Dan Garfield

Chief Technology Evangelist, Codefresh | Google Developer Expert | Forbes Technology Council

The #1 Reason Jenkins Fails

Jenkins down? Pipelines broken? Hackers making off with your data? It often stems from one fatal flaw. While Jenkins has been both loved and hated for being DevOps duct tape, every user knows there are plenty of issues to deal with. Over the past three years, as part of my work at Codefresh I’ve been helping teams migrate from Jenkins and I’ve seen all of these issues over and over again. The biggest issue may surprise you because it creates a cascade effect.
The simple answer:
Shared libraries.

Shared Libraries are Jenkins’ Biggest Flaw

In theory, the idea of operating libraries on a global space sounds great. You can install two plugins and one can rely on another. It’s just like a good ‘ol fashioned package manager right? Well, not really. Package managers handle dependencies, including versioning relatively well but Jenkins doesn’t do this and it causes enormous problems. 
Jenkins has been both loved and hated for being DevOps duct tape...
Here are are least 3 big ones.

1) A Total Lack of Isolation

Because shared libraries operate in a global space, different tooling can easily conflict. Let’s say my unit test suite relies on Java 8.2 but my performance testing suite still needs Java 7. Now I’ve got a pipeline that won’t work because this software can’t coexist. Developers, or devops folks, are stuck with the unenviable task for trying to reconcile all these versions. 
Add to that the fact that plugins can rely on each other and you’ll know why Jenkins admins never want to install or upgrade plugins. Upgrading one plugin can easily break another plugin. So how do teams resolve this?
The answer: proliferation.

2) Jenkins Instance Proliferation is a Security Nightmare

When people run into the problem of isolation they solve in one of two ways. They reconcile all the differences and standardize their toolset (super hard), or they spin up a new Jenkins instance (super easy). I’ve worked with organizations that have thousands of Jenkins instances because of this very problem.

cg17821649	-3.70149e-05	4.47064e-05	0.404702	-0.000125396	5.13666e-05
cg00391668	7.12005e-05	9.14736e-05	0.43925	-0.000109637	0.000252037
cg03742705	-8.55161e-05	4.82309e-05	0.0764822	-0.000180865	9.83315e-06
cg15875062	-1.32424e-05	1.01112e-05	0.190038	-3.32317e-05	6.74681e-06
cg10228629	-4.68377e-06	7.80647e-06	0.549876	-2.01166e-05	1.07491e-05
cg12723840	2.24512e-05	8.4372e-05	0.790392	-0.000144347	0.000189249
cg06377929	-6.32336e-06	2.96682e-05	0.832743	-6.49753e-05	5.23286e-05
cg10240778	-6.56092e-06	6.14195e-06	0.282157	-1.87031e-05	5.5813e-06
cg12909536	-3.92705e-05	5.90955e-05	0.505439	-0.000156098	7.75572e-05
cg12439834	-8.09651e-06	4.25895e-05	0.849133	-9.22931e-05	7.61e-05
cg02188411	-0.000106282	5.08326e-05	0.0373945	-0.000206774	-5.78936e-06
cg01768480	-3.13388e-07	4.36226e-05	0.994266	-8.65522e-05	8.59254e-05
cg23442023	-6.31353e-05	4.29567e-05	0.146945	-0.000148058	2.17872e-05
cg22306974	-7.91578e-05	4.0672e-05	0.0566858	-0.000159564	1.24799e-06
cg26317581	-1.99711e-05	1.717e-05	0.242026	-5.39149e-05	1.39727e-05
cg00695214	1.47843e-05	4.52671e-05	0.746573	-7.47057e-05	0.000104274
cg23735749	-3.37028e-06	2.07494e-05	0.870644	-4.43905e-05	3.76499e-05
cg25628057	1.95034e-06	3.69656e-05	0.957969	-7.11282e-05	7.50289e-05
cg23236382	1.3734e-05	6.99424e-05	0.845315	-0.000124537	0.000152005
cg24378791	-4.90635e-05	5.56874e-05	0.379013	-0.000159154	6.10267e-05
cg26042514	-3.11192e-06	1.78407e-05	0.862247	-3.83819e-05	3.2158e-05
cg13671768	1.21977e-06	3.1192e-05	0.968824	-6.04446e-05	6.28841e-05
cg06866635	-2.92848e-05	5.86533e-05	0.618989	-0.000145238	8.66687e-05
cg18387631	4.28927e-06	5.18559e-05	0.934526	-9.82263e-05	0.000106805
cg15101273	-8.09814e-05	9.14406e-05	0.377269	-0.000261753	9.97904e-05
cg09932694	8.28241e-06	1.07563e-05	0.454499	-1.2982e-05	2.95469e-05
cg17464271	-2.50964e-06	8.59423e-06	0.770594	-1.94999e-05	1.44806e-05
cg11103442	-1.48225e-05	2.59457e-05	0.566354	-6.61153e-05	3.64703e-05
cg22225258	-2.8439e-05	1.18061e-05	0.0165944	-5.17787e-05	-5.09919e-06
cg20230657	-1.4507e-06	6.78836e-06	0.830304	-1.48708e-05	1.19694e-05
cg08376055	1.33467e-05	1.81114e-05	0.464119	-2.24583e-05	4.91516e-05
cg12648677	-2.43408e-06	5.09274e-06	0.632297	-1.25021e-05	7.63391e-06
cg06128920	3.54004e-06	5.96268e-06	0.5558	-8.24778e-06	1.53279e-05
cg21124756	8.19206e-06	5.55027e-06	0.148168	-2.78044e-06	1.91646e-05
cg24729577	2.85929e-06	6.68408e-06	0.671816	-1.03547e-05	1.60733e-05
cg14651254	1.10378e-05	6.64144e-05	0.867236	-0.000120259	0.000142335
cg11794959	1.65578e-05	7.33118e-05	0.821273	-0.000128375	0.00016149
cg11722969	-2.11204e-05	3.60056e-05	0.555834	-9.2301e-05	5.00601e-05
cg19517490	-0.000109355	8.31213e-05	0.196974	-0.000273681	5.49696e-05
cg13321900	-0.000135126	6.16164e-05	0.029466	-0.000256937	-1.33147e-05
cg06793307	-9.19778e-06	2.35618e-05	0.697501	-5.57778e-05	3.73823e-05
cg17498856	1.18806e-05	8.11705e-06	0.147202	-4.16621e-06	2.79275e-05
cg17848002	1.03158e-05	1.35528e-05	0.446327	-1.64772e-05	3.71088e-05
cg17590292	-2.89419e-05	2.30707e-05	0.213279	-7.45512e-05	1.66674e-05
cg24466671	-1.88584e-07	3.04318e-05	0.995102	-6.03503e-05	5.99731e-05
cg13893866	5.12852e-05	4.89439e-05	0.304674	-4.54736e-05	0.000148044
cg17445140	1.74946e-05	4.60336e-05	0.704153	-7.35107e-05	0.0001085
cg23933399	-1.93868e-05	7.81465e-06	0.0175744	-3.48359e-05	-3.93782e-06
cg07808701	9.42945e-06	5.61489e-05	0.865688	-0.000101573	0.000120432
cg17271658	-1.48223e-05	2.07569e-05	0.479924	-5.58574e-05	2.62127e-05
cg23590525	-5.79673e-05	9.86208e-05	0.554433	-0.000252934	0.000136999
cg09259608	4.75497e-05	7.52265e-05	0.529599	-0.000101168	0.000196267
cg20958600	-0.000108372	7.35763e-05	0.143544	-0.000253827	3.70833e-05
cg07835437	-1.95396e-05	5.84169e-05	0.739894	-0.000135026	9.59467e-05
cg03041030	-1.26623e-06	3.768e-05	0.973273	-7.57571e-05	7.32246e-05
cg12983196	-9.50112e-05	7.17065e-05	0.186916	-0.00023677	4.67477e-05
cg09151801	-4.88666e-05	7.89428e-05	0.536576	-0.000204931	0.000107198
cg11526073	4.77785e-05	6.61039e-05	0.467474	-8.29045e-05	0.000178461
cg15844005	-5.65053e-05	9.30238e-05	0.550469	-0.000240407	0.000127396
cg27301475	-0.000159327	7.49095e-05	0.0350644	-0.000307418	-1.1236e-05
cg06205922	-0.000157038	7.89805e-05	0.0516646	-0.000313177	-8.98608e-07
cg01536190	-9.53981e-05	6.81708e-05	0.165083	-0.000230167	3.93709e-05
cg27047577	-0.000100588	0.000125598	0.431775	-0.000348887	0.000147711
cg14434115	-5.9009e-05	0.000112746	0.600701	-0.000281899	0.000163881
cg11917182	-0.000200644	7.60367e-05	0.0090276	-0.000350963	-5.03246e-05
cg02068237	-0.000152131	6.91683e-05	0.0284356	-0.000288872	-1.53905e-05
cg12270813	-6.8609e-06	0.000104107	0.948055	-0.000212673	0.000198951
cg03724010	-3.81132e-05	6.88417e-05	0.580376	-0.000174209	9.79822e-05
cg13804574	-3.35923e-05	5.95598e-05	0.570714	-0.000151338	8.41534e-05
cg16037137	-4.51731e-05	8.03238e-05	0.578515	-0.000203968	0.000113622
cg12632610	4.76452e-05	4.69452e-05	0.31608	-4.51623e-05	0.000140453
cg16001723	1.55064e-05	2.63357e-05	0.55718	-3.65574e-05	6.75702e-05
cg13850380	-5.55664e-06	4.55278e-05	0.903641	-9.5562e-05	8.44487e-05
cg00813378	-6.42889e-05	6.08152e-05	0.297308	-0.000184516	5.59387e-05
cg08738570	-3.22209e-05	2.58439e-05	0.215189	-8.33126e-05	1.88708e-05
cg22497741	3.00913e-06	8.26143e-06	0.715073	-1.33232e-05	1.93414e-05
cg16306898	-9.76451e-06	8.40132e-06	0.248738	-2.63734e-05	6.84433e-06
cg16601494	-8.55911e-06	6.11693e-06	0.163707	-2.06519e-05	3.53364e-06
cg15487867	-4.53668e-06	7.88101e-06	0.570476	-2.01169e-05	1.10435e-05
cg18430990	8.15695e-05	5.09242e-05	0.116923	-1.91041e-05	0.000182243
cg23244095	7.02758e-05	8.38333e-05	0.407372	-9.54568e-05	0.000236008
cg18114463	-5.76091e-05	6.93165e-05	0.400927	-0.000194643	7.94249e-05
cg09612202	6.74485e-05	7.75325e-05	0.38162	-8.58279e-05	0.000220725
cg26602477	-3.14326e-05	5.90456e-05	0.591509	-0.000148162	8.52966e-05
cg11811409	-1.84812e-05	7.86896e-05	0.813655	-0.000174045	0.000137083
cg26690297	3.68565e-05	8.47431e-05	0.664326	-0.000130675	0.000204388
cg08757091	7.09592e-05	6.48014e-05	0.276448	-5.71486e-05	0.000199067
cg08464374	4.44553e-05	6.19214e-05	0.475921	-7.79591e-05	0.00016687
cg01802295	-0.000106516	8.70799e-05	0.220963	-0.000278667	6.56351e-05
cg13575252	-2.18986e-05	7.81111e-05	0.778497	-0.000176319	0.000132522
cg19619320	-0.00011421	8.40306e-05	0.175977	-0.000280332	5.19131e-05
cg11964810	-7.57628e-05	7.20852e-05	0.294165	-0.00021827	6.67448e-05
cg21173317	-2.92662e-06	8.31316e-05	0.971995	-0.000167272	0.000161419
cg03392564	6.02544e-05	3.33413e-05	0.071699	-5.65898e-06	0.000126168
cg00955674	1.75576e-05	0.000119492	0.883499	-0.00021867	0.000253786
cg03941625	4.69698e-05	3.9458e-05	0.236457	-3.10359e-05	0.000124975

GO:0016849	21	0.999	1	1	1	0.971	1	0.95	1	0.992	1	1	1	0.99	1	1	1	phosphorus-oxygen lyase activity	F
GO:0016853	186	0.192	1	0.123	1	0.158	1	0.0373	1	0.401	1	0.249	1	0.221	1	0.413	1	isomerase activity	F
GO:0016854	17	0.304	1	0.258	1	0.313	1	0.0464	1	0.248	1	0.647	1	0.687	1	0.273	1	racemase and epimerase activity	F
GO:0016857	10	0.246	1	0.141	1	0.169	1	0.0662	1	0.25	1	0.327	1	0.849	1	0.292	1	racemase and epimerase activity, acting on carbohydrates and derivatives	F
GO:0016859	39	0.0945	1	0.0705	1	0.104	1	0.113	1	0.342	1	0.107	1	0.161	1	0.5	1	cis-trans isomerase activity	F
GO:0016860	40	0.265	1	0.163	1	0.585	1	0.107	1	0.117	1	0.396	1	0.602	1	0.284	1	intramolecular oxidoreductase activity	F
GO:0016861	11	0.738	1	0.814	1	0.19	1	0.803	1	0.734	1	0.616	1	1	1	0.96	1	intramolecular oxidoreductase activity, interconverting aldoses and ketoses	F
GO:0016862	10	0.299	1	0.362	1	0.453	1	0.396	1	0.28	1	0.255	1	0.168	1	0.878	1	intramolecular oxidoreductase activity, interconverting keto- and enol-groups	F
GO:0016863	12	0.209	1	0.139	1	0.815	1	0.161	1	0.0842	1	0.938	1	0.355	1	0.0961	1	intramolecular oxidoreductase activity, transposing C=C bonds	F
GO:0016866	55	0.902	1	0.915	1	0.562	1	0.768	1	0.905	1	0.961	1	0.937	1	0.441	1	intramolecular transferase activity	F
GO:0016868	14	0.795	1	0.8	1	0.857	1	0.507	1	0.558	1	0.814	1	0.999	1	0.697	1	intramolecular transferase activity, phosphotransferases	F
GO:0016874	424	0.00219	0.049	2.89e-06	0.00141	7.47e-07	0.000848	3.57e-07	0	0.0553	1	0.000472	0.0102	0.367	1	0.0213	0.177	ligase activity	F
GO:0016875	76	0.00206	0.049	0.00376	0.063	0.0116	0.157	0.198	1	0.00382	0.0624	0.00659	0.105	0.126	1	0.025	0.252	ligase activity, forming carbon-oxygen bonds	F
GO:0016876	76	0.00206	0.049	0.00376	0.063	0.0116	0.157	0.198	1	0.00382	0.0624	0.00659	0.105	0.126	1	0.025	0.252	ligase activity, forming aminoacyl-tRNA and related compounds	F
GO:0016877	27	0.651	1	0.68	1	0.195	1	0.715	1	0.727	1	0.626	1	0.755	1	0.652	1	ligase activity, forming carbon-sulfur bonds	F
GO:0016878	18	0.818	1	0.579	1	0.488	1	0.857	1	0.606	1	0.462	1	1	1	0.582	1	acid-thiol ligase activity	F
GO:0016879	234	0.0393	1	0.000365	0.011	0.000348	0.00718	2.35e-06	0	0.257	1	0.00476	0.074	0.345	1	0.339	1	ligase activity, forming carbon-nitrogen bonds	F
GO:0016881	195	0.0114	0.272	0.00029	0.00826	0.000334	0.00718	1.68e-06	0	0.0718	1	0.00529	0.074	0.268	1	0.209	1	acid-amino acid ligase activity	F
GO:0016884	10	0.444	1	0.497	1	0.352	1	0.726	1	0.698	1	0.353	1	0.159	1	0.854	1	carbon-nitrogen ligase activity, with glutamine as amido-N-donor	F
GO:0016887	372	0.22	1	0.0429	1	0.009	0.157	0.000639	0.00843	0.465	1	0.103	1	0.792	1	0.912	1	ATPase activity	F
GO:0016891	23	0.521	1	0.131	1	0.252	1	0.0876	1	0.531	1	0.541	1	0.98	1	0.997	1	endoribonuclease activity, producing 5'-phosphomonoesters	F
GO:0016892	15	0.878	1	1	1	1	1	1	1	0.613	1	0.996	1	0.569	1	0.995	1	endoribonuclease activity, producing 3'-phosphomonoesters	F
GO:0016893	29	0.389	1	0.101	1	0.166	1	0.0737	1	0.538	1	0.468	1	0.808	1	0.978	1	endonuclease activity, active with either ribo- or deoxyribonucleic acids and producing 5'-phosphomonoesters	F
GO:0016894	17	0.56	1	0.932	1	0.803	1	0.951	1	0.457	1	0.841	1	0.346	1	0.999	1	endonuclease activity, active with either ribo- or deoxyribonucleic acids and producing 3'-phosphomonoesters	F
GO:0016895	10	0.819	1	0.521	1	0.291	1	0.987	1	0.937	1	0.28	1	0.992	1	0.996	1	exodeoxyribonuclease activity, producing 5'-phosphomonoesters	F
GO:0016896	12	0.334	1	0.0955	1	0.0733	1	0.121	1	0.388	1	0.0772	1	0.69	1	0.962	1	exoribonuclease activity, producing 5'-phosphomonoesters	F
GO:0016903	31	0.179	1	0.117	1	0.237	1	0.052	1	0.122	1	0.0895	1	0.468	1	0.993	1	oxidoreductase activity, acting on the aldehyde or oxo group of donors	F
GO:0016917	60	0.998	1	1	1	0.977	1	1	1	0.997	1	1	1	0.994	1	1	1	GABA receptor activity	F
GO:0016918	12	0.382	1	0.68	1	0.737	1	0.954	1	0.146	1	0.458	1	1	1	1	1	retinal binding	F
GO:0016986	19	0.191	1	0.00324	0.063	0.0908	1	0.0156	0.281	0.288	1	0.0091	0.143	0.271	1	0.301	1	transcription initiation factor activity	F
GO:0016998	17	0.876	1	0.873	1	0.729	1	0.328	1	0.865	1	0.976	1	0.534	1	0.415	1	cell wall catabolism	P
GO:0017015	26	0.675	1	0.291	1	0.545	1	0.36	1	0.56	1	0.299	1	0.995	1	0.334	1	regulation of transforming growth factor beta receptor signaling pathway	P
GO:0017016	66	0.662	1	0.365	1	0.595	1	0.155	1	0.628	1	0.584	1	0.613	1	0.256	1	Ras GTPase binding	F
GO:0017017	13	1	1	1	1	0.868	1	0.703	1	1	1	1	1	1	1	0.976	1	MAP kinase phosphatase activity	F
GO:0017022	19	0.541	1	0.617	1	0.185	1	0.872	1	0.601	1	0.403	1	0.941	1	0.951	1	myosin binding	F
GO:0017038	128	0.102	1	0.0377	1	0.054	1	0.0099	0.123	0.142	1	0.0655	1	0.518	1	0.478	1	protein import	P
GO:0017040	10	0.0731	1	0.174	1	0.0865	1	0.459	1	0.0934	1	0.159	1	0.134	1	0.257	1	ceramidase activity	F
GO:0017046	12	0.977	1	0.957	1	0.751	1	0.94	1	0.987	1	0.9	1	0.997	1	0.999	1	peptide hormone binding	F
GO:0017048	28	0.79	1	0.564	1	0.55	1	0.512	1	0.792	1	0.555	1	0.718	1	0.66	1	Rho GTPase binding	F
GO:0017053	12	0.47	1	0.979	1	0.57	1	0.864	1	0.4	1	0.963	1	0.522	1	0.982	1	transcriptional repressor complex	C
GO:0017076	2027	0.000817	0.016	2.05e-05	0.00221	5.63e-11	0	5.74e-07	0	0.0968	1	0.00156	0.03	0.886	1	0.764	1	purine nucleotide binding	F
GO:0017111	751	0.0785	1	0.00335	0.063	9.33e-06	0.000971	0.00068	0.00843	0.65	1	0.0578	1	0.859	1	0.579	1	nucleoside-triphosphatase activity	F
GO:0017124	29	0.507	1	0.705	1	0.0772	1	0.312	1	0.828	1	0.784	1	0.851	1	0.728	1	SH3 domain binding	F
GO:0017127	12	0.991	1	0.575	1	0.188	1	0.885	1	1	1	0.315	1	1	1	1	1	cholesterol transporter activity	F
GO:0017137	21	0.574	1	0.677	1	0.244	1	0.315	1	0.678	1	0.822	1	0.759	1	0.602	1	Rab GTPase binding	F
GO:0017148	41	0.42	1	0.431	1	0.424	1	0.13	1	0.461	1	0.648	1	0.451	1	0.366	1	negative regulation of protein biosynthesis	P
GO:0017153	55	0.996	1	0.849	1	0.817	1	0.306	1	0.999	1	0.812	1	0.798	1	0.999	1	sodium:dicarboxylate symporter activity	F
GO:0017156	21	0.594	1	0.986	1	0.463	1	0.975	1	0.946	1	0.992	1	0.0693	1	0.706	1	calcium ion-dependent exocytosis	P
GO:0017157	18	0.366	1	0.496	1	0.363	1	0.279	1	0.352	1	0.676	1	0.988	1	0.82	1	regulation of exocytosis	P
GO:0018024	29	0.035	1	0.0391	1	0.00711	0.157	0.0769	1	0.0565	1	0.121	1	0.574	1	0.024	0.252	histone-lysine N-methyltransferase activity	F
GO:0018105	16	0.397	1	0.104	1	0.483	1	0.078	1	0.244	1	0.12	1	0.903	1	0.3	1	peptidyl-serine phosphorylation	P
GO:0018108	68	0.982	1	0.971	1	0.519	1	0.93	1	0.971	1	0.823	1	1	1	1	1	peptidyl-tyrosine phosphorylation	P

At Kubecon Seattle last fall, during the DevSecOps Day, one dev, who I’m sure would prefer I not mention their prominent company name, stood up and said “The number 1 reason we get owned is because of rogue Jenkins instances.”
“The number 1 reason we get owned is because of rogue Jenkins instances.” - Kubecon DevSecOps Day
Shared libraries and their lack of isolation is at the root of this problem. CI systems have long been a favored attack vector because of lack security attitudes and Jenkins wasn’t designed with a ‘security first’ mentality. Because Codefresh offers both isolation at the step level, as well as role-based access controls and a number of other security features, teams are typically able to work off of shared instances.

3) Admins Are the Only Ones Who Can Really Change Things

This shared library system also means users rely on admins to make changes. It’s one of the reasons dev teams decide to go rogue and spin up their own instances. If your team can’t deploy because you have to wait 5 days for the operations team to upgrade the Kubernetes plugin (which by the way will break everyone else’s pipelines) then you’re going to get fed up and spin up your own instance. After all, your job is to ship code, not coddle the operations team, right? 
Consider the alternative. One of the reasons we see so many engineering teams switching from Jenkins to Codefresh is because Codefresh uses container-based pipelines. Every step in a pipeline is literally it’s own container. If you want to use the official Terraform docker image, the syntax is easy:
Using Terraform with Codefresh:
DeployWithTerraform: 
  image: 'hashicorp/terraform:0.12.0' 
  title: 'Deploying Terraform plan' 
  commands: 
    - 'terraform init'